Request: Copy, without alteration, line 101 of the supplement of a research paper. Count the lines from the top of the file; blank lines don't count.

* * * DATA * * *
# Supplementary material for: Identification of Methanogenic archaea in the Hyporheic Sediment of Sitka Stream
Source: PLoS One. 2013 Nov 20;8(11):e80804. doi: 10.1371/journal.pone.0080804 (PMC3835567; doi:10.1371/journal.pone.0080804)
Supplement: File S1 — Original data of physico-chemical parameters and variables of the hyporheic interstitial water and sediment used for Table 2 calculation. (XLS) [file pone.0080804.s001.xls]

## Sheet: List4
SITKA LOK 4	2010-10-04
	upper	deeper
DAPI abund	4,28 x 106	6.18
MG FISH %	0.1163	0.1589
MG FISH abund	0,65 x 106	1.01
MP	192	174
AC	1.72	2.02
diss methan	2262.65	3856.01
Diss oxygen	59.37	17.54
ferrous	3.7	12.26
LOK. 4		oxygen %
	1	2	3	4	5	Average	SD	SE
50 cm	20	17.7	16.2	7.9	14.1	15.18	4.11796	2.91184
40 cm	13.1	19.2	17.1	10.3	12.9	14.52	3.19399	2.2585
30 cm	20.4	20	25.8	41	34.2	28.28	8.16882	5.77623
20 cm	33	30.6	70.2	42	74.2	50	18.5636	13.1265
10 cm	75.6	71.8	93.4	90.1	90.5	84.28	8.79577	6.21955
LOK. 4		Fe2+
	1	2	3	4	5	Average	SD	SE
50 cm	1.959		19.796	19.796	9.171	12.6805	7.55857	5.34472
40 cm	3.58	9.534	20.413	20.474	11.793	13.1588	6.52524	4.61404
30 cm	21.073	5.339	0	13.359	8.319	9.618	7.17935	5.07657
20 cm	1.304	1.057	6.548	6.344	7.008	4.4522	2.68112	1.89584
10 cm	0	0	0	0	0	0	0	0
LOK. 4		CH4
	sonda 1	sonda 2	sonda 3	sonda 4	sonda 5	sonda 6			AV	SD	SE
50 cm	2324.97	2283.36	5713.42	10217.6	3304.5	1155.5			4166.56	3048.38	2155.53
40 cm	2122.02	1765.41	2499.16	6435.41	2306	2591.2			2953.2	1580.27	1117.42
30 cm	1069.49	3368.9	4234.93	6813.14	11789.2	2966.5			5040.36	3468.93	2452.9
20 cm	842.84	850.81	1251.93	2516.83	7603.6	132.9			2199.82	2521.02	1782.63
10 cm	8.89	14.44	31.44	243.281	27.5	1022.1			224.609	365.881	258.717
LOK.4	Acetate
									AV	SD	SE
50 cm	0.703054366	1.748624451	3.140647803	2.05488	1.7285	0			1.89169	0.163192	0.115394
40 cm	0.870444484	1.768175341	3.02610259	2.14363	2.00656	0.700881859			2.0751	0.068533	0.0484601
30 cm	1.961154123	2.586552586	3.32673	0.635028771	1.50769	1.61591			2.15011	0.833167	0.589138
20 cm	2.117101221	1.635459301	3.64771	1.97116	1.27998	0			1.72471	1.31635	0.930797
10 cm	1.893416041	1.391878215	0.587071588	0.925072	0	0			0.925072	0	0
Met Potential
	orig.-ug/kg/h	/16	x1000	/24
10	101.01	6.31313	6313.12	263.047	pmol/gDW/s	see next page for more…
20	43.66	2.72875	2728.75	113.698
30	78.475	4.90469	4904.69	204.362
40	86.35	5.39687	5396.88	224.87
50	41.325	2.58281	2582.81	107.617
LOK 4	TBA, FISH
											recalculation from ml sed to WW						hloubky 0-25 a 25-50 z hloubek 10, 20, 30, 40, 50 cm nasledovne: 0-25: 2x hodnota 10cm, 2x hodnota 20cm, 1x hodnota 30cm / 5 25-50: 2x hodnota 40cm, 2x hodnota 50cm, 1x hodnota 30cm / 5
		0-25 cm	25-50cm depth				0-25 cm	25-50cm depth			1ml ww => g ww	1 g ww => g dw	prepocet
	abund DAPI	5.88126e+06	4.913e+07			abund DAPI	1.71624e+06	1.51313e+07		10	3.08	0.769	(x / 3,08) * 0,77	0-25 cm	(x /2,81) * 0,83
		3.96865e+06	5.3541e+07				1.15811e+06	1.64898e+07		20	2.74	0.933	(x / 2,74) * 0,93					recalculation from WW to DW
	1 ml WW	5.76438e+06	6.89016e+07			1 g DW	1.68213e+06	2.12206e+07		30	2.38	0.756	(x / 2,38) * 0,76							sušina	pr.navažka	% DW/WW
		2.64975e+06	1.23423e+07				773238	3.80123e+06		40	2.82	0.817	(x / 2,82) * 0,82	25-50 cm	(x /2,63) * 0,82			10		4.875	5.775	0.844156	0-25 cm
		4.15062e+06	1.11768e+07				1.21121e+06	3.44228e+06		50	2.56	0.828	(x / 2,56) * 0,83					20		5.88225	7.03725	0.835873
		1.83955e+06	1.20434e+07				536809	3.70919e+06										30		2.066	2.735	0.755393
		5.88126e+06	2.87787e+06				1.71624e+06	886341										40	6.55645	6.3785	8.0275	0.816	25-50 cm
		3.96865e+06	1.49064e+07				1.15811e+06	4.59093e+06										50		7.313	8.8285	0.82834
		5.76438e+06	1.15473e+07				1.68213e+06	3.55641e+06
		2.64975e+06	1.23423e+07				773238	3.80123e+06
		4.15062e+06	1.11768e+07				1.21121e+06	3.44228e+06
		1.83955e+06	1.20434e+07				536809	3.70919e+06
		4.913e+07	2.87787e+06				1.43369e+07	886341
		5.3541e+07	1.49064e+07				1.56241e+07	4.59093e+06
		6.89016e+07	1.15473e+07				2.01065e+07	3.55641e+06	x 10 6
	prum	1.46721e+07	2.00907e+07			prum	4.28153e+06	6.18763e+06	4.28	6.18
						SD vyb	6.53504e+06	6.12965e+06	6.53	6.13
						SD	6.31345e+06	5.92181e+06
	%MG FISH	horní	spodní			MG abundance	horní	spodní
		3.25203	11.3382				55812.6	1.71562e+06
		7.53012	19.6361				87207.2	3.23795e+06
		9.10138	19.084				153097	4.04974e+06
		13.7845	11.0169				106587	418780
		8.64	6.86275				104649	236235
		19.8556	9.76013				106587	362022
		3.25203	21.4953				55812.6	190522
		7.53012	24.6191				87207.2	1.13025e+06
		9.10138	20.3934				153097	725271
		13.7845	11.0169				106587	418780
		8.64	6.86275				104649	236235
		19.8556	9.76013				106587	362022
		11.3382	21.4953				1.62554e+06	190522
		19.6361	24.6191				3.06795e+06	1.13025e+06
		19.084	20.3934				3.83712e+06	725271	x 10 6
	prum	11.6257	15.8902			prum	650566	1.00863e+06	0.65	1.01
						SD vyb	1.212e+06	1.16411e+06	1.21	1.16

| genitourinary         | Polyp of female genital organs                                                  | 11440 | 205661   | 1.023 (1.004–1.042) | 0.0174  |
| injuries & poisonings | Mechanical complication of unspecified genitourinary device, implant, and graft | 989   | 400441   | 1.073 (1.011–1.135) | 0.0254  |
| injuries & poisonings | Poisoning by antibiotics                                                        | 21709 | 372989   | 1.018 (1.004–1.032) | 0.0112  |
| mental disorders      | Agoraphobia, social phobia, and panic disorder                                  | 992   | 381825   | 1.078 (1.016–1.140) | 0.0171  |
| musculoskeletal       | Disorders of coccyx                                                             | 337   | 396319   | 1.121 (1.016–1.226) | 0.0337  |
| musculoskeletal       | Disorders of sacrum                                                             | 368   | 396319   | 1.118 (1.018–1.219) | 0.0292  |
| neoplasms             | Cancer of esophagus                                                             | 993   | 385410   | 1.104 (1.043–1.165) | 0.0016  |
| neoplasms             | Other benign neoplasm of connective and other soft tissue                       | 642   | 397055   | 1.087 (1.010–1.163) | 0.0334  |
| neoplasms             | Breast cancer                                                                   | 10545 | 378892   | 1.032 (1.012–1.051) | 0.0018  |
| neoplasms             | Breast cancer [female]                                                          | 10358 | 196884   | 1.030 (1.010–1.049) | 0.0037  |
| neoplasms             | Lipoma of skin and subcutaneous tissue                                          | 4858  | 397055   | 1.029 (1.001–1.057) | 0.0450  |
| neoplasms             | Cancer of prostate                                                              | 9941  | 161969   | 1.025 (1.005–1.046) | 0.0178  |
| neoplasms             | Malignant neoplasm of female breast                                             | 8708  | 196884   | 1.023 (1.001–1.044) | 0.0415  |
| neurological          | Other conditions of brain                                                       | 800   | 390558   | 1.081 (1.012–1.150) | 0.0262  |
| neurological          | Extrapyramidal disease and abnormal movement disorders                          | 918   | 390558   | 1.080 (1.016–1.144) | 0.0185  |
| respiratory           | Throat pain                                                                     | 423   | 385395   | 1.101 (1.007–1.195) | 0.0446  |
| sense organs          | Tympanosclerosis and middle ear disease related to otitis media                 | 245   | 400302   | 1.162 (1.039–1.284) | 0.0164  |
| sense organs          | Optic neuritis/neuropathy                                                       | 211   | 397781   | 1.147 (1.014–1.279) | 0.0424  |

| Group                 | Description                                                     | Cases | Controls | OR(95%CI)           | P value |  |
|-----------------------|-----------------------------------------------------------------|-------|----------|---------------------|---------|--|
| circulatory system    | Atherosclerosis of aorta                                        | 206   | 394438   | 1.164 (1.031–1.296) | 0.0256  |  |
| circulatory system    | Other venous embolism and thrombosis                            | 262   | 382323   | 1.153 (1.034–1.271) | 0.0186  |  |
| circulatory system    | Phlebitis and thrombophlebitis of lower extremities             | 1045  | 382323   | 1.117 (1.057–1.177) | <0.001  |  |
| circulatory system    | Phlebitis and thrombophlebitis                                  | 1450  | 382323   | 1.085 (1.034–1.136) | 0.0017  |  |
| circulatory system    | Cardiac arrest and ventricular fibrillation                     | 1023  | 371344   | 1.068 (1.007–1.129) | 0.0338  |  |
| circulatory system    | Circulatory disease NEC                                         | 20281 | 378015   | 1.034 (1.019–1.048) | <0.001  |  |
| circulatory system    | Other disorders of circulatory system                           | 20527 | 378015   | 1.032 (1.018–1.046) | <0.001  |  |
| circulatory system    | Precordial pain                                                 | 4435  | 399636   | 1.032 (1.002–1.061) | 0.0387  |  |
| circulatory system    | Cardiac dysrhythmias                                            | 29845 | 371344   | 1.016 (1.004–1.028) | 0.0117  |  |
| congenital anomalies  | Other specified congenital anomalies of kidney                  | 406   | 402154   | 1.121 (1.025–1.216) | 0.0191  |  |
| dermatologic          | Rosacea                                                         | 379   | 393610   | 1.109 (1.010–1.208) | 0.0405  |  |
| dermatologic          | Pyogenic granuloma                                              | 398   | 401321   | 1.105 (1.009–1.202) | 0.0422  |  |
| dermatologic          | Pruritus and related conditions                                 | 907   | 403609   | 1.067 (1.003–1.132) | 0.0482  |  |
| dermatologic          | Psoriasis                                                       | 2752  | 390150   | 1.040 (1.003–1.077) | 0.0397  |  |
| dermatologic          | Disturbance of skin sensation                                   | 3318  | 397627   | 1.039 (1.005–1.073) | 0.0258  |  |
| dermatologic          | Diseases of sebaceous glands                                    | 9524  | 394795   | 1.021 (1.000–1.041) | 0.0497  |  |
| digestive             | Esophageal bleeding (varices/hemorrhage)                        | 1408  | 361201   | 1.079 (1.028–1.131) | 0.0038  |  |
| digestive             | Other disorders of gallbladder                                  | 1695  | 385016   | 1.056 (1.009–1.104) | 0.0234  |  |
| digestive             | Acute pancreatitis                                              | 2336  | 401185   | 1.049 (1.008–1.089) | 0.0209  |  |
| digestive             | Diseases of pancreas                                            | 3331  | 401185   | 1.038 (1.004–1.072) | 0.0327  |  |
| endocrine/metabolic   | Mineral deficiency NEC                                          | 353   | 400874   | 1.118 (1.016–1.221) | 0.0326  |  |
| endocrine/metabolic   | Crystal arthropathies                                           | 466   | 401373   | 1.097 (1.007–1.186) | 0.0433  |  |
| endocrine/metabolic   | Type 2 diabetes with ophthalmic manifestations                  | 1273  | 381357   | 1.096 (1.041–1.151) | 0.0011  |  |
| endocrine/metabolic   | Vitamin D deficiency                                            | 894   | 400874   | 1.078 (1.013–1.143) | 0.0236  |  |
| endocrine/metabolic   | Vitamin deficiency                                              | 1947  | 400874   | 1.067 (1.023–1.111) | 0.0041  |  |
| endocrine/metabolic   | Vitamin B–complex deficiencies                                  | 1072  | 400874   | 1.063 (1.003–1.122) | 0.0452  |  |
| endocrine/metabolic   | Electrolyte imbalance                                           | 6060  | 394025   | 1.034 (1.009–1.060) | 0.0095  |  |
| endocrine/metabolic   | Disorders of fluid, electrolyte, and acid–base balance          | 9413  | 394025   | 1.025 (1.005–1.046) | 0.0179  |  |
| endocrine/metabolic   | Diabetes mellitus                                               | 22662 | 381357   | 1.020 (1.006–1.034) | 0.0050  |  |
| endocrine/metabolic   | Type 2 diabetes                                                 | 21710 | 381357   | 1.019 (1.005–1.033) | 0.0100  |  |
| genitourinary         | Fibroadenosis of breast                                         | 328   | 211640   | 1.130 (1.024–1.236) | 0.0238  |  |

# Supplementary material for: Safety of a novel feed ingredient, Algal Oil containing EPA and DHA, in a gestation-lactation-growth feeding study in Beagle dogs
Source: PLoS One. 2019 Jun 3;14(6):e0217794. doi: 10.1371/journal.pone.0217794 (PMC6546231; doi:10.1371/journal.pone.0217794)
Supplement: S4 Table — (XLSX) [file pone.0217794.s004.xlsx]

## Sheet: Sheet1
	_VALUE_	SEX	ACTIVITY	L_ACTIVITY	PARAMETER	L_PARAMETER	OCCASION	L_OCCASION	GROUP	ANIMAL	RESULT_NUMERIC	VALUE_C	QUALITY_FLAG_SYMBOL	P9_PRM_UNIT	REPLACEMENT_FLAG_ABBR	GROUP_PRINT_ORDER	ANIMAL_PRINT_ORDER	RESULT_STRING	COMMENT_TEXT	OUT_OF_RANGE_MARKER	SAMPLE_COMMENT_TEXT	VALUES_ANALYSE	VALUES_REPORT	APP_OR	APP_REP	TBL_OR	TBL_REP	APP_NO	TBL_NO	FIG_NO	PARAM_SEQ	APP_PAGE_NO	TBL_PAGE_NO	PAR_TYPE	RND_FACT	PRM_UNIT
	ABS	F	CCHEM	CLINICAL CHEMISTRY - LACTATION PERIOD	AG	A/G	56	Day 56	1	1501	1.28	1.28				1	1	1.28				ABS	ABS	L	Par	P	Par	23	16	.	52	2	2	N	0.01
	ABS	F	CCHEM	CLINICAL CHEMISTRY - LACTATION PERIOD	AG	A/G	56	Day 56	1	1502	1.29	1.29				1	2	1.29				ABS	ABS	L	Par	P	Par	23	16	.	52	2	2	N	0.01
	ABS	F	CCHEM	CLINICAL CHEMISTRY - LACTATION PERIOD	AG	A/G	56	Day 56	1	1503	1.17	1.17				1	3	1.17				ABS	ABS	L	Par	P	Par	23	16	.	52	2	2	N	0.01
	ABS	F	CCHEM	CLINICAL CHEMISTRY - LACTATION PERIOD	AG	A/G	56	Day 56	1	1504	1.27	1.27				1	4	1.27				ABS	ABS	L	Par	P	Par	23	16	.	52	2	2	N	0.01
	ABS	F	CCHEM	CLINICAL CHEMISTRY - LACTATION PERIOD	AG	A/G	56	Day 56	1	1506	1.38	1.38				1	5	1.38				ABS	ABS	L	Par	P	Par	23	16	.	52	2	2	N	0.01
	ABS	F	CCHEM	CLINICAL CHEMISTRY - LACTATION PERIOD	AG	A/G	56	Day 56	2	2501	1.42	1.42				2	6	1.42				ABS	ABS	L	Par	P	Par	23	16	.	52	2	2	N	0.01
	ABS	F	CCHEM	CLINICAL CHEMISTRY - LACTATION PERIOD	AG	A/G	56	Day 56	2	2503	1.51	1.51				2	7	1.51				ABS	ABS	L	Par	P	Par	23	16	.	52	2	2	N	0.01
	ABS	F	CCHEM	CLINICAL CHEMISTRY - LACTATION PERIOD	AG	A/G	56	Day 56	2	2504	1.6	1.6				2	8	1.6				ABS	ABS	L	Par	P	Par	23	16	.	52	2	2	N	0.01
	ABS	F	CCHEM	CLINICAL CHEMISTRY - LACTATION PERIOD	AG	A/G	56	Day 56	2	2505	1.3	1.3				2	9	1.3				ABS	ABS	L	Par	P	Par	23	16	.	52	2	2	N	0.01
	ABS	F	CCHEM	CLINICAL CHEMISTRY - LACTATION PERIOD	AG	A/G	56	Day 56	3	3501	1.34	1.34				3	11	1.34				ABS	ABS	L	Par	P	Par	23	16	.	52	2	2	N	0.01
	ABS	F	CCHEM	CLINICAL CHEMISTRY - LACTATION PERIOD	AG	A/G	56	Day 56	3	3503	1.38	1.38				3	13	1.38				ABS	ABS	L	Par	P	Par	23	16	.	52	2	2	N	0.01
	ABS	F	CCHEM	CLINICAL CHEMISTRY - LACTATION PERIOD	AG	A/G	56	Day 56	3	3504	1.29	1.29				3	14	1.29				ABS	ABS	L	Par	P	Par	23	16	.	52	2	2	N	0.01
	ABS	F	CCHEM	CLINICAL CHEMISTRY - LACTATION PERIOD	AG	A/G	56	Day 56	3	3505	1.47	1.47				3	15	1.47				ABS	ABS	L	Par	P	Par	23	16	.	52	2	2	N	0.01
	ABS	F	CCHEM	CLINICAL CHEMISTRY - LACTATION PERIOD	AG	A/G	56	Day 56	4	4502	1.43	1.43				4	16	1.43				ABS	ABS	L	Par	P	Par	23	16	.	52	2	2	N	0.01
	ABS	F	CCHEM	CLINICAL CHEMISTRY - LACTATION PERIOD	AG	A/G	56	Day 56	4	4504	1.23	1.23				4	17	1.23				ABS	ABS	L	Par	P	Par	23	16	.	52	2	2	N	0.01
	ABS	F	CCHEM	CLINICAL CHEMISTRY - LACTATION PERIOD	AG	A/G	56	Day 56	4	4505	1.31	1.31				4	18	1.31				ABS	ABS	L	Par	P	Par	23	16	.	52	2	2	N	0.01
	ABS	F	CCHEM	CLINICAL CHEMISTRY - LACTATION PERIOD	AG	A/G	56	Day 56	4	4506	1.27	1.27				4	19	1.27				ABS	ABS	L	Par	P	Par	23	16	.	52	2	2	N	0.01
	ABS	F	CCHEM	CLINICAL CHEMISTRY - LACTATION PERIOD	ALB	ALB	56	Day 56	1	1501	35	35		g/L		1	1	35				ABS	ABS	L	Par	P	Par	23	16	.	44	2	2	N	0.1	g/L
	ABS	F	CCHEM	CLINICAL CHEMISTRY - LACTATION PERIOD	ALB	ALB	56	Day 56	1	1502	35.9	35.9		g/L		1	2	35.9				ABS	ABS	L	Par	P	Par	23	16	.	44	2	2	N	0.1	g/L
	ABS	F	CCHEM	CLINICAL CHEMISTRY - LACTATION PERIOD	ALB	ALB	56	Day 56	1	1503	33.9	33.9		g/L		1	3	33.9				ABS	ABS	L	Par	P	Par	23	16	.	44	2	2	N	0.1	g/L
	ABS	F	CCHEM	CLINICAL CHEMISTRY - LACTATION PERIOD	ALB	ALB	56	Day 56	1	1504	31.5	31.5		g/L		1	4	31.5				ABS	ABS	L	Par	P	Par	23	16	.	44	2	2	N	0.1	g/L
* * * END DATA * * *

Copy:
| neoplasms             | Malignant neoplasm of female breast                                             | 8708  | 196884   | 1.023 (1.001–1.044) | 0.0415  |